Confessions Of A Serial Coral Spawning Enthusiast

Looking like an alien landscape, egg and sperm bundles rise out of a Starry Cup Coral (Acanthastrea hemprichii).

You know that indescribable buzz you get when you’re anticipating a special event like your first wedding anniversary, your forever 29th birthday or that long-awaited Madonna concert? Well, I get that feeling at the start of each year as the cool Christmas breeze slowly gives way to warmer winds and as the monsoon wanes to welcome clearer skies and warmer waters.

Around February and March each year, I start to monitor the seawater temperatures around Singapore’s coral reefs to determine when the waters jump from a cooler 27°–28° C to a more balmy 28°– 29° C. Around this same time, I also start to check the corals for telltale signs of imminent coral spawning. I would snap off a few selected coral branchlets of some hard coral species to monitor the development of egg-sperm bundles. These bundles, which are visible to the naked eye, signal their maturity by changing colour from white to beige, or pale-yellow to pink.

The pale-pink egg-sperm bundle of an Acropora coral in late March 2014, indicating that there are maturing bundles that will spawn after the full moon in April.

I look forward to the yearly mass coral-spawning event in Singapore like a greedy kid in a candy store since the first time I witnessed it some 12 years ago off the fringing coral reef at Pulau Satumu, where Raffles Lighthouse is located.

Even after all these years, I am still amazed by the event where individuals of many species release thousands of egg-sperm bundles (or eggs and sperm separately) into the water column within minutes of each other, guided by some primordial rhythm that dictates  the synchrony of coral spawning.

Individual eggs and a cloud of sperm burst forth from a Lobed Brain Coral (Lobophyllia hemprichii) like a volcanic eruption.

If I had to introspect and scrutinise why the event stirs such strong emotions in me, I will have to say that more than anything, the event evokes a sense of unbridled hope for the future of Singapore’s coral reefs.

In an ever-changing environment where coral reefs are subjected to a barrage of anthropogenic and natural stressors, the fact that corals are able to reproduce and safeguard their next generation bodes well for the long-term sustainability of Singapore marine biodiversity. Hard corals play a major role in the reef ecosystem as they form the very foundation that supports the survival of other reef species.

A Blue-spotted Stingray (Neotrygon kuhlii) ventures into a cloud of coral sperm.

As a serial coral spawning enthusiast, over the years I have been visiting our reefs for three consecutive nights, from the third to the fifth night after the late March or April full moon. In the process, I have made several observations.

Firstly, the strength and intensity of each yearly spawning event reflects the favourability of the reef environment in the preceding year, so when reefs experience a significant impactful event in a year, the strength and intensity of spawning in the following year may be affected. Secondly, the colour, size, shape and movement of egg-sperm bundles differ between species; and thirdly, it is possible to locate a spawning coral by following the spawn trail in the water column down to the coral.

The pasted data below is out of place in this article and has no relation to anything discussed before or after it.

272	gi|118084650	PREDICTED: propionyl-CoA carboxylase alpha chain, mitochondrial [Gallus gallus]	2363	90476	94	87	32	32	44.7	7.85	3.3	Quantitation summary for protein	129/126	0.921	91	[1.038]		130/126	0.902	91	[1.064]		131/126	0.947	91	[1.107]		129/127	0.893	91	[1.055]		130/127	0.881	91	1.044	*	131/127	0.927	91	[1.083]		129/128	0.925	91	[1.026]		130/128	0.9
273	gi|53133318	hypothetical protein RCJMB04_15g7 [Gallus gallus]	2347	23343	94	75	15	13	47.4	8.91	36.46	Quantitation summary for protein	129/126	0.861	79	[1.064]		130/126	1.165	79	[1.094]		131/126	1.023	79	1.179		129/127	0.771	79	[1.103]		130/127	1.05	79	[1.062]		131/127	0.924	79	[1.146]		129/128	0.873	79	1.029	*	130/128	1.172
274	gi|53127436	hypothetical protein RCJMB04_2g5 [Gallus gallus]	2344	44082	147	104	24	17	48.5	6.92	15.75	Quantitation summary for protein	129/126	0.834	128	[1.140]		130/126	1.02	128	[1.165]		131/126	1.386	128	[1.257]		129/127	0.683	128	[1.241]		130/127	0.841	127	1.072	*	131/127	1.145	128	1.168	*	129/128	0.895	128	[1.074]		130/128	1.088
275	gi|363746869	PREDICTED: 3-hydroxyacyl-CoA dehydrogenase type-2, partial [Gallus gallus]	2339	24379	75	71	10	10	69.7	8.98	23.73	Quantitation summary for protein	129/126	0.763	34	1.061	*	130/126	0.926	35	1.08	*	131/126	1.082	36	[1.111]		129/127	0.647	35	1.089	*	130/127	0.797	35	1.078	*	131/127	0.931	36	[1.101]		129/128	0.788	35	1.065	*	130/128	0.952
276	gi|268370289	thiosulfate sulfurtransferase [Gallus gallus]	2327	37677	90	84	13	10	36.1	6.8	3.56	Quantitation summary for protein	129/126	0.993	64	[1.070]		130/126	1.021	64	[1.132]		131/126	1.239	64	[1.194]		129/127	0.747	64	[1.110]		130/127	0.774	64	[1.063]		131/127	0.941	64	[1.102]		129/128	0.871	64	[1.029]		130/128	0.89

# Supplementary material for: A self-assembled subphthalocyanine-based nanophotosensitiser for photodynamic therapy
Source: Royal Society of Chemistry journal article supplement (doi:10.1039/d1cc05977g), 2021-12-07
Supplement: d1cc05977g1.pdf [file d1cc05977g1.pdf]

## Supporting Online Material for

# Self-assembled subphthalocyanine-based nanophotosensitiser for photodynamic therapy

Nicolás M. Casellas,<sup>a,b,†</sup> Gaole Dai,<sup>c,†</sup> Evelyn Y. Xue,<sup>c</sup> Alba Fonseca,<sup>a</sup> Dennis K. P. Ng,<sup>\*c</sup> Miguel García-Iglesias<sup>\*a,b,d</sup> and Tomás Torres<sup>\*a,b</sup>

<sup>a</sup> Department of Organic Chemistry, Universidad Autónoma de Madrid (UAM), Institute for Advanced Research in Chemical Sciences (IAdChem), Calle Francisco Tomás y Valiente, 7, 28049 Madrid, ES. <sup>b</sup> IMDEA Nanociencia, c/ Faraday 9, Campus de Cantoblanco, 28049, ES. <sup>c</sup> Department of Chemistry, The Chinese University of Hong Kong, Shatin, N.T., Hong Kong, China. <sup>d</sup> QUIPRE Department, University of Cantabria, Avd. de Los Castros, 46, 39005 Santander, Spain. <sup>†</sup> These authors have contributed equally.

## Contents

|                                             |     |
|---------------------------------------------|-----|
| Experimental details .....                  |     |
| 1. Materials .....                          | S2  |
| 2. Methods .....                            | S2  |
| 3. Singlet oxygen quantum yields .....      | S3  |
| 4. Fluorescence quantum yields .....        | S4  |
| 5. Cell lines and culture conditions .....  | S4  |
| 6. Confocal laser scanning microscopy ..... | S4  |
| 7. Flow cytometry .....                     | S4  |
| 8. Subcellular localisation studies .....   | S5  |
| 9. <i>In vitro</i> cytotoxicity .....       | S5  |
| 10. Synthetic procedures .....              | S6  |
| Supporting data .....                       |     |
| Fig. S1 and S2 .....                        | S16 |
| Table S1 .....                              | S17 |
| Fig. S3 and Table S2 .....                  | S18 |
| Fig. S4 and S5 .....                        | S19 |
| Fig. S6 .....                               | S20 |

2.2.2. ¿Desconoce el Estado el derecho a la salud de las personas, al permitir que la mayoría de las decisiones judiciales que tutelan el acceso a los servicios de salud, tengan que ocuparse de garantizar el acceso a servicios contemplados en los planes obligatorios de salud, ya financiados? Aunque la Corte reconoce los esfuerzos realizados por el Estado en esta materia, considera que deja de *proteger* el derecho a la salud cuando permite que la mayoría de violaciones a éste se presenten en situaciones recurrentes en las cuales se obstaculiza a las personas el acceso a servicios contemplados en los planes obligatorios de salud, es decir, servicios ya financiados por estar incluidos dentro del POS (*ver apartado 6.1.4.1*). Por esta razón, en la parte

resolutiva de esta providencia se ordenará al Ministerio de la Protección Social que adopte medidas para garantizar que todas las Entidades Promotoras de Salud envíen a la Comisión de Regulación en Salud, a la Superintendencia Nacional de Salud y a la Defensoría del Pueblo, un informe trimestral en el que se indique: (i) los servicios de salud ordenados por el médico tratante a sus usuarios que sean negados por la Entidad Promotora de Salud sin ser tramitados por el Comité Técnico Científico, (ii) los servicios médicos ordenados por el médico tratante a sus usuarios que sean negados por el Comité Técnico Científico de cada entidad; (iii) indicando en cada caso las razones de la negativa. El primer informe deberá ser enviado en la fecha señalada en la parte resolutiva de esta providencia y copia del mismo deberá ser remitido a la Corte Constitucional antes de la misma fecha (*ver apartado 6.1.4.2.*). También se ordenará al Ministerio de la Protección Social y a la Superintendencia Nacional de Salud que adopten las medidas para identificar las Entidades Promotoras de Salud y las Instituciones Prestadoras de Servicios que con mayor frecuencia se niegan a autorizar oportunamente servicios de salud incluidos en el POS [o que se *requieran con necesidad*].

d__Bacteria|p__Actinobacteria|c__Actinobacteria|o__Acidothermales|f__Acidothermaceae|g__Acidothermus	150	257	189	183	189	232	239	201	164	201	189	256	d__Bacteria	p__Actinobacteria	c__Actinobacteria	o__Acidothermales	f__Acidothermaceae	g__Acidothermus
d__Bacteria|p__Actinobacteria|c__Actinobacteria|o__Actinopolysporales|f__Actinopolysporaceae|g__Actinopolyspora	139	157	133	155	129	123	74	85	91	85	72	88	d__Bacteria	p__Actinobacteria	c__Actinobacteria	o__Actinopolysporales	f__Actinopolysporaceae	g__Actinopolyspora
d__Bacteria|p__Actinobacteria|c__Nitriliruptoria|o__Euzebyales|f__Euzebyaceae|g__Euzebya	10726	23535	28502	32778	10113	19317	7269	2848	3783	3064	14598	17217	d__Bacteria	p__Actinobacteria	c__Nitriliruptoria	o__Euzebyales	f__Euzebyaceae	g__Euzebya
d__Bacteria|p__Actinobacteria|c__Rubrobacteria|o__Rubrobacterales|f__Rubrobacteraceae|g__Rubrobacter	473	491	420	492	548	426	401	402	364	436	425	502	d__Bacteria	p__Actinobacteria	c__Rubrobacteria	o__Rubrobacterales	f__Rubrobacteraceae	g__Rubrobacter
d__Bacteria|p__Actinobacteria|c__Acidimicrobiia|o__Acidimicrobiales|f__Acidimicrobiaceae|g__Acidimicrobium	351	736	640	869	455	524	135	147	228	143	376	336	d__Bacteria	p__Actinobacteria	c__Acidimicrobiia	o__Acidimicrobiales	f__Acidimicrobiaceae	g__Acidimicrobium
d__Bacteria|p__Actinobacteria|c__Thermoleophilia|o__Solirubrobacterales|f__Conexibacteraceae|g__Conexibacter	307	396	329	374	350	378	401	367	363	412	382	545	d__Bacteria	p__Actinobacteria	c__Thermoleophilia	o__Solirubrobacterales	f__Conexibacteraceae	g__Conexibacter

A section of the coral reef at Pualu Satumu, where Raffles Lighthouse is located. Coral reefs play an important role in the marine ecosystem as they support other species by providing them with shelter and food.

This year, a team of around 10 enthusiasts spent a weekend in mid-April documenting the synchronous mass-spawning event in Singapore. The spawning was generally robust and at least 25 species of hard corals spawned over the three nights.

However, with predictions of a strong El Nino event occurring during the latter half of 2014, which may result in coral bleaching, it is possible that the reproductive potential of corals maybe affected. So while I had looked forward to the 2014 mass coral spawning event with joyful anticipation, I am approaching the 2015 event with some trepidation.

Photos and text by Karenne Tun

Anthropogenic stressors: Agents, conditions or stimuli, e.g. pollution, directly caused by or produced by humans, that would stress an organism. Fringing coral reef: It is a coral reef that develops along coastlines.
Sisters’ Islands Marine Park – Singapore’s First Marine Park
The 46-hectare Sisters’ Islands Marine Park is a good place for the public to view corals, sea anemones and other marine life up close. Public guided walks are available from August 2014 onwards. These walks offer visitors a good opportunity to explore the rich marine life around Singapore’s Southern Islands. Singapore’s first marine park includes the Sisters’ Islands and the western reefs of both St John’s Island and Pulau Tekukor, and was established to carry out outreach, education, research and conservation activities related to our native marine biodiversity.
To sign up for the walks or for more information on the Marine Park, visit the website.
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